Raphael Riesling 2013The 2013 First Label Riesling  ($28) from the same excellent vintage as that of the Sauvignon Blanc described above.  The grapes were hand-harvested and pressed very gently after two days of skin contact in the tank. The juice was fermented using naturally-occurring indigenous yeasts from the  skins. Fermentation was carried out cold at 55F and lasted 5 weeks. The wine saw no wood, as befits a Riesling.  It was blended from several batches and then bentonite-fined for heat stability, cold-stabilized and sterile-filtered before bottling.  This is a limited-production, dry Riesling that offers a firm but balanced acidity matched by fruit concentration that produces a beguilingly aromatic and rather full-bodied—for a Riesling—with a dry, minerally finish.  This wine shows flavors of fresh apricot and ripe pear.  Excellent as an aperitif or to accompany seafood, chicken dishes, and spicy cuisines.  Anthony Nappa.  12.4% ABV.

The 2013 Cabernet Franc ($25) also benefited from the excellent conditions of the vintage.  The fruit was hand-harvested, de-stemmed, and crushed. The grapes from different lots were then fermented apart.  The fermentation was carried out at 75F to retain fruit flavors and took a month with pumpovers twice a day. The wine was aged with 50% in stainless steel and the rest in French oak barrels, where it underwent natural malolactic fermentation. The aging took ten months before the wine was blended and then bottled unfiltered and unfined.  The resulting wine has a firm acidity, full body, and offers a pronounced fruity aroma of ripe red berries with herbal notes and a hint of tobacco.  It is actually ready to drink now bout would certainly bear aging a few more years, given that it was so recently bottled.  A fine accompaniment to any variety of pork, beef, or lanb dishes.  It would be good with cheese or chocolate as well.  Anthony Nappa.  12.9% ABV.

In June 2015 the Wine Advocate blog posted a review of 200 Long Island Wines, of which 7 were from Raphael, earning scores of 86 to 92 points.  The top Raphael wine was the 2010 Merlot First Label, by Leslie Howard, with 92 points, followed by the 2014 Suvignon Blanc First Label, at 91 points, by Anthony Nappa, and the 2010 Cabernet Sauvignon by Howard at 90 points.  Quite a track record from Robert Parker’s Website.

Based on interviews with Anthony Nappa and Steve Mudd

13 June 2012; updated 22 June 2014

39390 Main Road/Route 25, Peconic, NY 11958; (631) 765.1100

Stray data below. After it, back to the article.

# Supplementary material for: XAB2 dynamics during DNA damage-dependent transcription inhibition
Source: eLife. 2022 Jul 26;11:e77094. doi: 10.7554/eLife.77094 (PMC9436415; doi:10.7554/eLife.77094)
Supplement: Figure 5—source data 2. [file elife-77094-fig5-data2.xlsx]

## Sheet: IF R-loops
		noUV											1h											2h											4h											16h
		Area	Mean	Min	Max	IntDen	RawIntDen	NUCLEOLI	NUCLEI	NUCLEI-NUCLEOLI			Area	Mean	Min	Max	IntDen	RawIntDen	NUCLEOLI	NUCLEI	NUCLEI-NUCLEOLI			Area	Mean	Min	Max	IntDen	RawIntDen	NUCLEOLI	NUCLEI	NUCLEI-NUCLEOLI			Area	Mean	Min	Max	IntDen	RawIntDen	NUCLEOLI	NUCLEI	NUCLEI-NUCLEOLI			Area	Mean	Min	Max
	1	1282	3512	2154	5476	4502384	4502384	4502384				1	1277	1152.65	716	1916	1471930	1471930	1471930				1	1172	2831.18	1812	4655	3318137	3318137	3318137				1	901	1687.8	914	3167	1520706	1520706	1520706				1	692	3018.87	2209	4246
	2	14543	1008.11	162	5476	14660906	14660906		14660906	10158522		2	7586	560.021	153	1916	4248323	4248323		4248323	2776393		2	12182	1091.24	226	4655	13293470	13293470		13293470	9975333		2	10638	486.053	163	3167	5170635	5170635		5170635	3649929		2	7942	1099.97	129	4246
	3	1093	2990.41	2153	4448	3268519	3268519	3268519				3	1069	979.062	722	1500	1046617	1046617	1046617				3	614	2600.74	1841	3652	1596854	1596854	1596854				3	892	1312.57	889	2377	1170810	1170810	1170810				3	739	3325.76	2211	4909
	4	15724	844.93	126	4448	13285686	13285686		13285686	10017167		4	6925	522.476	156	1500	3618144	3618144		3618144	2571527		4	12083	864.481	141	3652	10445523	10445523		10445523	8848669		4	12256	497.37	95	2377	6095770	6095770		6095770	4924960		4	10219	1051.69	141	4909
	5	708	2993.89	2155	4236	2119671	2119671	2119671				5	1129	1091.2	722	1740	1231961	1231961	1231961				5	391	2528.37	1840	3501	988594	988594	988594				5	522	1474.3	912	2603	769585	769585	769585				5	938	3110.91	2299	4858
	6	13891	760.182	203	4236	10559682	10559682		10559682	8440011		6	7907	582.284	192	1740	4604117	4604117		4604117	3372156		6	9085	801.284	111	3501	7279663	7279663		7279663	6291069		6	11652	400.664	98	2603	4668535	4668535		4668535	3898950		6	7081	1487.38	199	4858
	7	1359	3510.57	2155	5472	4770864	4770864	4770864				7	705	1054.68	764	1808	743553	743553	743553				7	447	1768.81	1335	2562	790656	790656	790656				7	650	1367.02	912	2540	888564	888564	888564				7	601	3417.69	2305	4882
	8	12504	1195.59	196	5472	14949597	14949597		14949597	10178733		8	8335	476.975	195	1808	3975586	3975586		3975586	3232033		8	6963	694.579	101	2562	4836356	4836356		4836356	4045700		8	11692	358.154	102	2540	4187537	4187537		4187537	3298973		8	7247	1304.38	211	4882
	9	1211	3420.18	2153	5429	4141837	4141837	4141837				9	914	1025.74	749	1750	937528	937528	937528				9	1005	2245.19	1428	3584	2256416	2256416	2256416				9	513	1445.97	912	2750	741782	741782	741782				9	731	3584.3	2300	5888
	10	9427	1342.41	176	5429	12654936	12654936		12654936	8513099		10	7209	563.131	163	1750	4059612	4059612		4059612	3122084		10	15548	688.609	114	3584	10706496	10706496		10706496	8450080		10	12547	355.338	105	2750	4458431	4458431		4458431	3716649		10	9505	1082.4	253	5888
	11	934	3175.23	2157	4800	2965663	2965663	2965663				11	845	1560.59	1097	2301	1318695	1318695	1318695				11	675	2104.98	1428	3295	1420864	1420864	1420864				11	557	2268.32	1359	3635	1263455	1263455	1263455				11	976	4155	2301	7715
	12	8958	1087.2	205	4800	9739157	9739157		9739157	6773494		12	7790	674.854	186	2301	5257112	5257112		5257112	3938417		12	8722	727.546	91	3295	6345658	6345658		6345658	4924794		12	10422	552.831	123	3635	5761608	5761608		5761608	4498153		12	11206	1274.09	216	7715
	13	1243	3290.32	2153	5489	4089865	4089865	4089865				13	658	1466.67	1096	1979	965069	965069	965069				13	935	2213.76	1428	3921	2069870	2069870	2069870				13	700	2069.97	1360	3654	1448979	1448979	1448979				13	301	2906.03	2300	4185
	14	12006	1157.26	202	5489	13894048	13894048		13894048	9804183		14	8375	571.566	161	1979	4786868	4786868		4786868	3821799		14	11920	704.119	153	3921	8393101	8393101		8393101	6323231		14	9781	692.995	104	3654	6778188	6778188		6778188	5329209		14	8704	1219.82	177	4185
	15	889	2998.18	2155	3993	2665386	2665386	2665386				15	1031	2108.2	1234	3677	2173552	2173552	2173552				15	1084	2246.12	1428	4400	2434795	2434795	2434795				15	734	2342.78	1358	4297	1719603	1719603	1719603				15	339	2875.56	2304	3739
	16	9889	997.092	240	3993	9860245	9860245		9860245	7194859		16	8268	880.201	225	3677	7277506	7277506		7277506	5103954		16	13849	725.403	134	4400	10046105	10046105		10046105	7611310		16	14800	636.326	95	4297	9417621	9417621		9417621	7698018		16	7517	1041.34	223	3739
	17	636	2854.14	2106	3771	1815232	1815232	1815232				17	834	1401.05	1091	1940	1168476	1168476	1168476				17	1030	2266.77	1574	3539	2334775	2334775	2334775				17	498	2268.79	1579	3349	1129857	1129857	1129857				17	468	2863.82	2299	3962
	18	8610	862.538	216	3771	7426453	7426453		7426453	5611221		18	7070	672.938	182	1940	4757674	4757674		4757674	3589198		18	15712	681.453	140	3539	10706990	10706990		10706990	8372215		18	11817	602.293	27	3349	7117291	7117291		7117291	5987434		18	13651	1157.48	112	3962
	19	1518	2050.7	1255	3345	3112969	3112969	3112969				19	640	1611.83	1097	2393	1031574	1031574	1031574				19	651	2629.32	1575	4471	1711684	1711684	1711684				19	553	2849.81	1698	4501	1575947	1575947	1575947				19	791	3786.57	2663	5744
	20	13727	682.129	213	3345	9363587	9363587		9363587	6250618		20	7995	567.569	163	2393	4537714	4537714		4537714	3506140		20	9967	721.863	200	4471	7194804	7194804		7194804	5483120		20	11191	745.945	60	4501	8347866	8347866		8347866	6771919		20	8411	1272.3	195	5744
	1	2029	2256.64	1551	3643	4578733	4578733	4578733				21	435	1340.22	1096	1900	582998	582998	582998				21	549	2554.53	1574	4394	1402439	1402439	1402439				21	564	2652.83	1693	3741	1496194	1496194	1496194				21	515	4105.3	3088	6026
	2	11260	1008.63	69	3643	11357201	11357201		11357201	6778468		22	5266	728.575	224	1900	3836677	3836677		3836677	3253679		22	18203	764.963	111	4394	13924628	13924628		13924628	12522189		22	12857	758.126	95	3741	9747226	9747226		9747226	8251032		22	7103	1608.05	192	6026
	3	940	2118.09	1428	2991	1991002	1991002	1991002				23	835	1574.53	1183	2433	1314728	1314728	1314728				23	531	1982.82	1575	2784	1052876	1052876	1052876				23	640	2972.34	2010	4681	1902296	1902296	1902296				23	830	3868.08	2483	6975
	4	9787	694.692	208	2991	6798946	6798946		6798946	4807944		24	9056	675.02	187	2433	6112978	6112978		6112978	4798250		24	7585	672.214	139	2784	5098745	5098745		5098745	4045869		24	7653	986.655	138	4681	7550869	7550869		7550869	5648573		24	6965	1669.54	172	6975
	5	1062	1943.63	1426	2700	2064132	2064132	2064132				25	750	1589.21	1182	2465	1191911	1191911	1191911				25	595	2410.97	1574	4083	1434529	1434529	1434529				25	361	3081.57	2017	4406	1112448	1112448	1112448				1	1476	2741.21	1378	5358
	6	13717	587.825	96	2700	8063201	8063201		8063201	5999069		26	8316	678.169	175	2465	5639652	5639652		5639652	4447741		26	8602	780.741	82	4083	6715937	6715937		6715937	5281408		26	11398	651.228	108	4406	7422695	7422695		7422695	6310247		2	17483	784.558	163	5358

Raphael Wine

tastingroom@raphaelwine.com

For further reading, Anthony Nappa and his own brand of wines were written about by Eileen Duffy in her book, Behind the Bottle (Cider Mill Press, 2015).

Wine Books I Recommend

Following is a highly selective list of books that I’ve read or consulted that I consider particularly worthwhile.  If I haven’t read or consulted a book, I do not recommend it.  Alas, there are more that I’ve not read than have—I’ve only 120 books on wine in my library, and some are still waiting to be read, though nearly all have served as references.

Grapes, Wine, Wineries, and Vineyards

There are seven general wine books that one should own in order to be truly well- and completely informed:

1.  Jancis Robinson’s Oxford Companion to Wine, 4th ed. (2015) is just indispensable, with a comprehensive coverage of just about every topic bearing on wine that one can think of, a true Abbocatto to Zymase encyclopedia.  All articles are signed, all cited references noted.  Robinson was both the editor and a contributor.  The 4th edition adds 300 additional, new terms, though many will only be of interest to wine professionals.  For a full review on this blog, see the post: The Three Indispensable Wine Books.

2.  Equally indispensable is Hugh Johnson & Jancis Robinson’s The World Atlas of Wine, 7th ed. (2013).  How else could one find the way around the vinicultural regions of the world, including NY State?  The maps are in full color, ranging in scale from street-level for the Champagne towns and the lodges in Oporto, to 1:45,000 and larger for wine regions.  The text for the many regions is the very model of pithy, clear writing.  For a full review on this blog, see the post: The Three Indispensable Wine Books.